CALGARY — Sentencing is to resume in October for two brothers who randomly kidnapped a teenage girl and repeatedly sexually assaulted her.
Corey and Cody Manyshots pleaded guilty in October 2015 to kidnapping, uttering threats, sexual assault and robbery.
Sentencing arguments had already begun last year, but tests ordered for the brothers last December indicated both suffer the effects of severe fetal alcohol syndrome.
That led to discussions about whether the brothers are not criminally responsible on account of a mental disorder.
Psychiatric tests on the two men were conducted at the Southern Alberta Forensic Psychiatry Centre.
"The reports are done. They were appropriately returned to remand," Mitch Stevenson, who represents Corey Manyshots, said at a Thursday court appearance.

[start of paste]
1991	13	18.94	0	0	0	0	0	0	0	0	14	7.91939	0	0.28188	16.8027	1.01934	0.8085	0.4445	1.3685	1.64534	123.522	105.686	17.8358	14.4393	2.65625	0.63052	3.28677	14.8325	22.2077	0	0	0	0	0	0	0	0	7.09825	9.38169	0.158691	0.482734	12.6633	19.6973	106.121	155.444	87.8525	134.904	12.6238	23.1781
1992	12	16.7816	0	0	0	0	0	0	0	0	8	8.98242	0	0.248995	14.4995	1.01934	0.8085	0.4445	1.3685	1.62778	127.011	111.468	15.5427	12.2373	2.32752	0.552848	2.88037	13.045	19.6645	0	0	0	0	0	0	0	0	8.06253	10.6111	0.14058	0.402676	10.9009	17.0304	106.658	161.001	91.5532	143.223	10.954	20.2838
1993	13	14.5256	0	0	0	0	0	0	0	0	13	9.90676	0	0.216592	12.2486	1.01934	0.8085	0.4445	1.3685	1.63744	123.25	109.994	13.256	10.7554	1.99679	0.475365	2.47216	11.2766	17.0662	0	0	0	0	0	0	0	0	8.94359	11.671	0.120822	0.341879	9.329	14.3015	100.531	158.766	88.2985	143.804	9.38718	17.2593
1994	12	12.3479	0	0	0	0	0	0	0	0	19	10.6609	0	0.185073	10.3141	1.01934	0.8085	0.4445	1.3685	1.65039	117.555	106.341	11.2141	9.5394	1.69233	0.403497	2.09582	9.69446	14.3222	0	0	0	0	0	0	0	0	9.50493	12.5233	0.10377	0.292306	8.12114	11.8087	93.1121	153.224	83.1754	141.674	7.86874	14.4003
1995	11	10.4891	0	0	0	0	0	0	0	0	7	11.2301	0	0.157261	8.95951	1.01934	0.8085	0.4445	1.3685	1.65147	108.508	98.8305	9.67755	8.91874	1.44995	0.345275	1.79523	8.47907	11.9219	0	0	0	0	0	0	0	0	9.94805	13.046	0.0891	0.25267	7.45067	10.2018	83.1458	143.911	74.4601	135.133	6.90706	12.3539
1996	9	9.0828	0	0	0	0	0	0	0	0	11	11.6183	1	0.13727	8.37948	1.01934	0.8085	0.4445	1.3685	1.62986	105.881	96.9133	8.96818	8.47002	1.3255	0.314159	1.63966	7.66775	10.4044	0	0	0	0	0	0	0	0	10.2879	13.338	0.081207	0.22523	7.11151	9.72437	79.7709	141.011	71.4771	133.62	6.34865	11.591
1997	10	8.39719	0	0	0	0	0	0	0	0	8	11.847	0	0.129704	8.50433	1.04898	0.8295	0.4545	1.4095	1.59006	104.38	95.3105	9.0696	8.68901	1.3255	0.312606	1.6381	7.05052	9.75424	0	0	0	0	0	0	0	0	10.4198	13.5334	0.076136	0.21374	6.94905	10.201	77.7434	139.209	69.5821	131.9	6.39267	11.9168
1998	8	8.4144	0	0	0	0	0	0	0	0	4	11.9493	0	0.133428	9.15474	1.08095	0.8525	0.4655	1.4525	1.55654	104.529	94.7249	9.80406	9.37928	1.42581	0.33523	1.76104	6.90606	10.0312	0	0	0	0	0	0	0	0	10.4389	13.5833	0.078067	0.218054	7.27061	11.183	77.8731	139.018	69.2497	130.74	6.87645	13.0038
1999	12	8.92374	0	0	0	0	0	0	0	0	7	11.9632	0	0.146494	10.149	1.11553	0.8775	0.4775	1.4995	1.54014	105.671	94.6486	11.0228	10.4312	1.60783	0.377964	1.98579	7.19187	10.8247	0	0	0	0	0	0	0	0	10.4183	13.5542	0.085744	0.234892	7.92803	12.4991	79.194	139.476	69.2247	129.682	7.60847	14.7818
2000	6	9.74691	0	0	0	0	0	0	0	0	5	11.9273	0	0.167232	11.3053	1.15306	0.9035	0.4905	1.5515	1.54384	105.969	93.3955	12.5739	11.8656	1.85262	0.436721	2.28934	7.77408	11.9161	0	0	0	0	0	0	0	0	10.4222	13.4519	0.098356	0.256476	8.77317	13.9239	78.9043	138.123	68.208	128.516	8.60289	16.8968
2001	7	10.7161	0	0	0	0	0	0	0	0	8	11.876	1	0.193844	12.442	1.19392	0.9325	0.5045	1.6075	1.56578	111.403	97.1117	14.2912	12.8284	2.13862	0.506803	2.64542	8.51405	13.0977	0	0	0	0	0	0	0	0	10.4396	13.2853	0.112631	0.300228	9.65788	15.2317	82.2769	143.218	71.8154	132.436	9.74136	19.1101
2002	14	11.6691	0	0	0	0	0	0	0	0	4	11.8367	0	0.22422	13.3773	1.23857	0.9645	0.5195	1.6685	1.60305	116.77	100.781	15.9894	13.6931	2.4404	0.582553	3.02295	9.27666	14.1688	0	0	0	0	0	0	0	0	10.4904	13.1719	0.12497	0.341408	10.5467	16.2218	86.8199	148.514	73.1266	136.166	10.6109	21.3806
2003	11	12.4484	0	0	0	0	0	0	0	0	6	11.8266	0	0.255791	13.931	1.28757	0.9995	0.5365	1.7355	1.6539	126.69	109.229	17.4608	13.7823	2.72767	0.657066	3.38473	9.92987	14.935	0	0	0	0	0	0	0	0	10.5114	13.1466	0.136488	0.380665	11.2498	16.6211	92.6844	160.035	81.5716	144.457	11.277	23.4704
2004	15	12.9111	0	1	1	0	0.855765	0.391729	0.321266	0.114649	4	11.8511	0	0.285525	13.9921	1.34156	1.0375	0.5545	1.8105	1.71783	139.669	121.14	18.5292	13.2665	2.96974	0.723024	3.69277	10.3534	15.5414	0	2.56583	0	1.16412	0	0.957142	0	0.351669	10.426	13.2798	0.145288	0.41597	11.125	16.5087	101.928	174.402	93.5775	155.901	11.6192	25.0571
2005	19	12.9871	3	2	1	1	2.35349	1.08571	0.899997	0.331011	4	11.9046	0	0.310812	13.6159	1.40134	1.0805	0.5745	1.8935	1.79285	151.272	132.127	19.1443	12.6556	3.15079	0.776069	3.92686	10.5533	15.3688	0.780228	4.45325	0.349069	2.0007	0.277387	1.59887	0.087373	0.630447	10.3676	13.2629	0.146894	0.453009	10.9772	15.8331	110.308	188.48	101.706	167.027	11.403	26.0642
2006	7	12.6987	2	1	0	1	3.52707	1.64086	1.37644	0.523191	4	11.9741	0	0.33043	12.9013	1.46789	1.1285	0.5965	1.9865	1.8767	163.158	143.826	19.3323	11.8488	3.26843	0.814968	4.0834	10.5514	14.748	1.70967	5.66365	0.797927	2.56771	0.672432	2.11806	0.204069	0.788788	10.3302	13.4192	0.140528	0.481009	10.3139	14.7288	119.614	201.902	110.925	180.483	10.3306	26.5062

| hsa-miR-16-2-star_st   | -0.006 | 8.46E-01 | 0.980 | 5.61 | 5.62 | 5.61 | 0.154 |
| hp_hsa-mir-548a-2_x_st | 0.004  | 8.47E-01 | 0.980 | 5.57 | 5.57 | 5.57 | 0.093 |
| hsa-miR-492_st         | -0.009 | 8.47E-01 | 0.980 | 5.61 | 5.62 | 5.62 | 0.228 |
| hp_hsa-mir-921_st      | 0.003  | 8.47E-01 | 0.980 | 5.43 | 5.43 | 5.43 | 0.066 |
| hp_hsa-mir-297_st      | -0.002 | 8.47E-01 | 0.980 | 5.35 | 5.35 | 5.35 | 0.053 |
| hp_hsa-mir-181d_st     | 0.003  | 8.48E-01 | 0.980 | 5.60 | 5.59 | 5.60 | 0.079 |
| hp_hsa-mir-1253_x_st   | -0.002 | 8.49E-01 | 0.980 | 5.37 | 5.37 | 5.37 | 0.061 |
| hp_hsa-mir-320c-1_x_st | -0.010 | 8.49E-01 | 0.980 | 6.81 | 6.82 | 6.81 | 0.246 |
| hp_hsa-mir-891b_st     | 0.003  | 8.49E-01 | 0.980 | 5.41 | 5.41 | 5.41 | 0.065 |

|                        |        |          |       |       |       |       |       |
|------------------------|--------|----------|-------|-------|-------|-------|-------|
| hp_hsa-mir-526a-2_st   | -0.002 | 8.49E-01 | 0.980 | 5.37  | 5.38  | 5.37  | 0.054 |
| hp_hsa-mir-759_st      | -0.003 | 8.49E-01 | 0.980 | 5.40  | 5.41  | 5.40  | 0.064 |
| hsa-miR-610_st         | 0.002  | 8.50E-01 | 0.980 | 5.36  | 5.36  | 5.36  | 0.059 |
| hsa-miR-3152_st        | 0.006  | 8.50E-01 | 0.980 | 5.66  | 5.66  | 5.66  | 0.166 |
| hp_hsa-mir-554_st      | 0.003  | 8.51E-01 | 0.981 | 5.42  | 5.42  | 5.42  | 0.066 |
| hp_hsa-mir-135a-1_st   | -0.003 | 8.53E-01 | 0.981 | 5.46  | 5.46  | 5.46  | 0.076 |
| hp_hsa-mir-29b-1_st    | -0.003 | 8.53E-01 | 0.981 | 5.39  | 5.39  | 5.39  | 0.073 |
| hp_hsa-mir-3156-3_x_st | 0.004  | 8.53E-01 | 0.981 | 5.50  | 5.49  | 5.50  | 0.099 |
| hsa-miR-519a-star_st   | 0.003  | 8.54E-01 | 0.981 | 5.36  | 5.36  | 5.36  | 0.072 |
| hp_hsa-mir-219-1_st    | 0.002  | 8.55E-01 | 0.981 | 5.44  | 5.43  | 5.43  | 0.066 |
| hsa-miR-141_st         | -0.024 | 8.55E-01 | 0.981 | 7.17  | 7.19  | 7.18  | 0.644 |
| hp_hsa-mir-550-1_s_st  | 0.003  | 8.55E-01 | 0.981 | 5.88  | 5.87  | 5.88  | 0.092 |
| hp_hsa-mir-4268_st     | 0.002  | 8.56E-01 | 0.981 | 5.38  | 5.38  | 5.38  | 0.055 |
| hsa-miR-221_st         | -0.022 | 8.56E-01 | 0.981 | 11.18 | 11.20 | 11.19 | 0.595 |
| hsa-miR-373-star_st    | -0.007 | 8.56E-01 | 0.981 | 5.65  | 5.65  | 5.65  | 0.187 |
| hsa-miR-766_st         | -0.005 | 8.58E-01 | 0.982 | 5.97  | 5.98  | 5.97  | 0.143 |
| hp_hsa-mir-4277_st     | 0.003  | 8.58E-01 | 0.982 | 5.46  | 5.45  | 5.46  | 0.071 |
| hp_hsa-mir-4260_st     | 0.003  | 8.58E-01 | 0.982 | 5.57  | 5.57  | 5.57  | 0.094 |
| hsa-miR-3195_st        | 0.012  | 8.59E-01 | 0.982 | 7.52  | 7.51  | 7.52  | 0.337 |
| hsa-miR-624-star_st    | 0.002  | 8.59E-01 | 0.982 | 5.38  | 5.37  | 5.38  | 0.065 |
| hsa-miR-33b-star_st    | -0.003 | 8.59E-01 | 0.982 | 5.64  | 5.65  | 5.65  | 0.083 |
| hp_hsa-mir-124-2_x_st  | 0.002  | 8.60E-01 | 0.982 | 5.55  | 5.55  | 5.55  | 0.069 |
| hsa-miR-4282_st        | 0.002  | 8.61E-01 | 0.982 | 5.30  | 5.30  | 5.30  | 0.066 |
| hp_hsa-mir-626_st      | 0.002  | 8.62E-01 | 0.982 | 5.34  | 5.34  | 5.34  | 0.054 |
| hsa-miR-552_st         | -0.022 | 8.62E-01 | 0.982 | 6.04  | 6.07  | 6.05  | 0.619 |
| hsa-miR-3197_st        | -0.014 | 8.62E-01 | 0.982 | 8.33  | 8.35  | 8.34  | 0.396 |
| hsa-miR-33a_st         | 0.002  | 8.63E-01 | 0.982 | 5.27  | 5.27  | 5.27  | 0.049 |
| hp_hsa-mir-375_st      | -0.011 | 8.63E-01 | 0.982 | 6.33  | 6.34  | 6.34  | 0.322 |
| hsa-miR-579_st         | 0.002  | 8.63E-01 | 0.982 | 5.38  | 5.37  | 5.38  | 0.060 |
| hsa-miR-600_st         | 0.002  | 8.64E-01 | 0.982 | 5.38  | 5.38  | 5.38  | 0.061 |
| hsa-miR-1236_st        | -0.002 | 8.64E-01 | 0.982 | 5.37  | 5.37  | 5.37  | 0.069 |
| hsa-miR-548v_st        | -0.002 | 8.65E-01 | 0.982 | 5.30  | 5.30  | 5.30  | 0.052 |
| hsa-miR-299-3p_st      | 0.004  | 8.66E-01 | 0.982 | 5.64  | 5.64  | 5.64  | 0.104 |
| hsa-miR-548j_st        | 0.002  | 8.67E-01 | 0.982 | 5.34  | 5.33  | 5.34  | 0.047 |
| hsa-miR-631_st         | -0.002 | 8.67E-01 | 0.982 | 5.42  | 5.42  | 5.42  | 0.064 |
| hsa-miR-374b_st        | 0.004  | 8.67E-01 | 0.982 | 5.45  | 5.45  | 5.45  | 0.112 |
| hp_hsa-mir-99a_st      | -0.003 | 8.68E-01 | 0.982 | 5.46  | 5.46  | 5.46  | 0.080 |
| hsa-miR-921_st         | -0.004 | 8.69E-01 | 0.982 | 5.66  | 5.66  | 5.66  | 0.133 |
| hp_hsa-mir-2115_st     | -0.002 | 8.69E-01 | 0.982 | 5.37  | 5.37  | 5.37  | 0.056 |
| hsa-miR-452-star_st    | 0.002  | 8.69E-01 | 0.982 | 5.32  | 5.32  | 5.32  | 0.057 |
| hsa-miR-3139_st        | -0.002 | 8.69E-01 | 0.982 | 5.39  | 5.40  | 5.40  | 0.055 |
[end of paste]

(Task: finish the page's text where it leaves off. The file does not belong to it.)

He said outside court that the findings of psychiatrists regarding criminal responsibility would be released when sentencing resumes Oct. 5.
Court has heard that the mother of the two men drank heavily during both pregnancies. Effects of fetal alcohol syndrome can include lifelong physical, mental and behavioural difficulties, as well as learning disabilities.
The pair approached the 17-year-old girl at a northeast Calgary bus stop in November 2014, forced her into an alley and sexually assaulted her.
The brothers, both in their 20s, then abducted the Grade 12 student and took her to their home, where they sexually assaulted her another 15 times until she was able to escape about eight hours later when they fell asleep.
In its original sentencing arguments, the Crown asked for 12-year jail terms for each of the men.
In June, lawyer Alain Hepner, who represents Cody Manyshots, told court he believed the two young men had "fallen between the cracks of life."
Hepner said if the two are found to be not criminally responsible, the public doesn't have to worry about them being set free.
"They're going to an institution either way,'' he said.
"It might be a psychiatric hospital. It might be a jail. That's what's going to happen. They're not getting out of jail. Not any time soon.''
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